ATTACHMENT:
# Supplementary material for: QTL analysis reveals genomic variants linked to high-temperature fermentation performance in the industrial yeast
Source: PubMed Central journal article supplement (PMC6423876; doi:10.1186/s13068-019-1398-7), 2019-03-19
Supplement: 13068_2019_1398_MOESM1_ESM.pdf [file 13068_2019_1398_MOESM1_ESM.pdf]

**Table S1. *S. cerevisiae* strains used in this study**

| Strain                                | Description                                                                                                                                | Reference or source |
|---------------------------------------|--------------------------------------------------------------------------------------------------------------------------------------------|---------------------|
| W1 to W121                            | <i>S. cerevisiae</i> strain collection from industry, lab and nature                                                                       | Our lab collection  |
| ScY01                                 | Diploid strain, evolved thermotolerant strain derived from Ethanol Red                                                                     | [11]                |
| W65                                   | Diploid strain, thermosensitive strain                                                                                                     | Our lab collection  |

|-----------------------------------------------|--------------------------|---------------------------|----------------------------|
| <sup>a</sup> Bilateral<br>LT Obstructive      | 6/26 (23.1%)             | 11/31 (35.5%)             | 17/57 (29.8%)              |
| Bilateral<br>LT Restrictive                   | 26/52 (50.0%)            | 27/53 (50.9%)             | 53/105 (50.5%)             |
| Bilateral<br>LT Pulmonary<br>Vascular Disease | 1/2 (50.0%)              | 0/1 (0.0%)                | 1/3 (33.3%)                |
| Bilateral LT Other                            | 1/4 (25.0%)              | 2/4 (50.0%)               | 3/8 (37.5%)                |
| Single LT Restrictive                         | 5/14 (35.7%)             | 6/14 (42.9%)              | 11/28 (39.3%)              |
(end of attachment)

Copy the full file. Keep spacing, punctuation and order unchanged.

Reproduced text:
# Supplementary material for: QTL analysis reveals genomic variants linked to high-temperature fermentation performance in the industrial yeast
Source: PubMed Central journal article supplement (PMC6423876; doi:10.1186/s13068-019-1398-7), 2019-03-19
Supplement: 13068_2019_1398_MOESM1_ESM.pdf [file 13068_2019_1398_MOESM1_ESM.pdf]

**Table S1. *S. cerevisiae* strains used in this study**

| Strain                                | Description                                                                                                                                | Reference or source |
|---------------------------------------|--------------------------------------------------------------------------------------------------------------------------------------------|---------------------|
| W1 to W121                            | <i>S. cerevisiae</i> strain collection from industry, lab and nature                                                                       | Our lab collection  |
| ScY01                                 | Diploid strain, evolved thermotolerant strain derived from Ethanol Red                                                                     | [11]                |
| W65                                   | Diploid strain, thermosensitive strain                                                                                                     | Our lab collection  |

|-----------------------------------------------|--------------------------|---------------------------|----------------------------|
| <sup>a</sup> Bilateral<br>LT Obstructive      | 6/26 (23.1%)             | 11/31 (35.5%)             | 17/57 (29.8%)              |
| Bilateral<br>LT Restrictive                   | 26/52 (50.0%)            | 27/53 (50.9%)             | 53/105 (50.5%)             |
| Bilateral<br>LT Pulmonary<br>Vascular Disease | 1/2 (50.0%)              | 0/1 (0.0%)                | 1/3 (33.3%)                |
| Bilateral LT Other                            | 1/4 (25.0%)              | 2/4 (50.0%)               | 3/8 (37.5%)                |
| Single LT Restrictive                         | 5/14 (35.7%)             | 6/14 (42.9%)              | 11/28 (39.3%)              |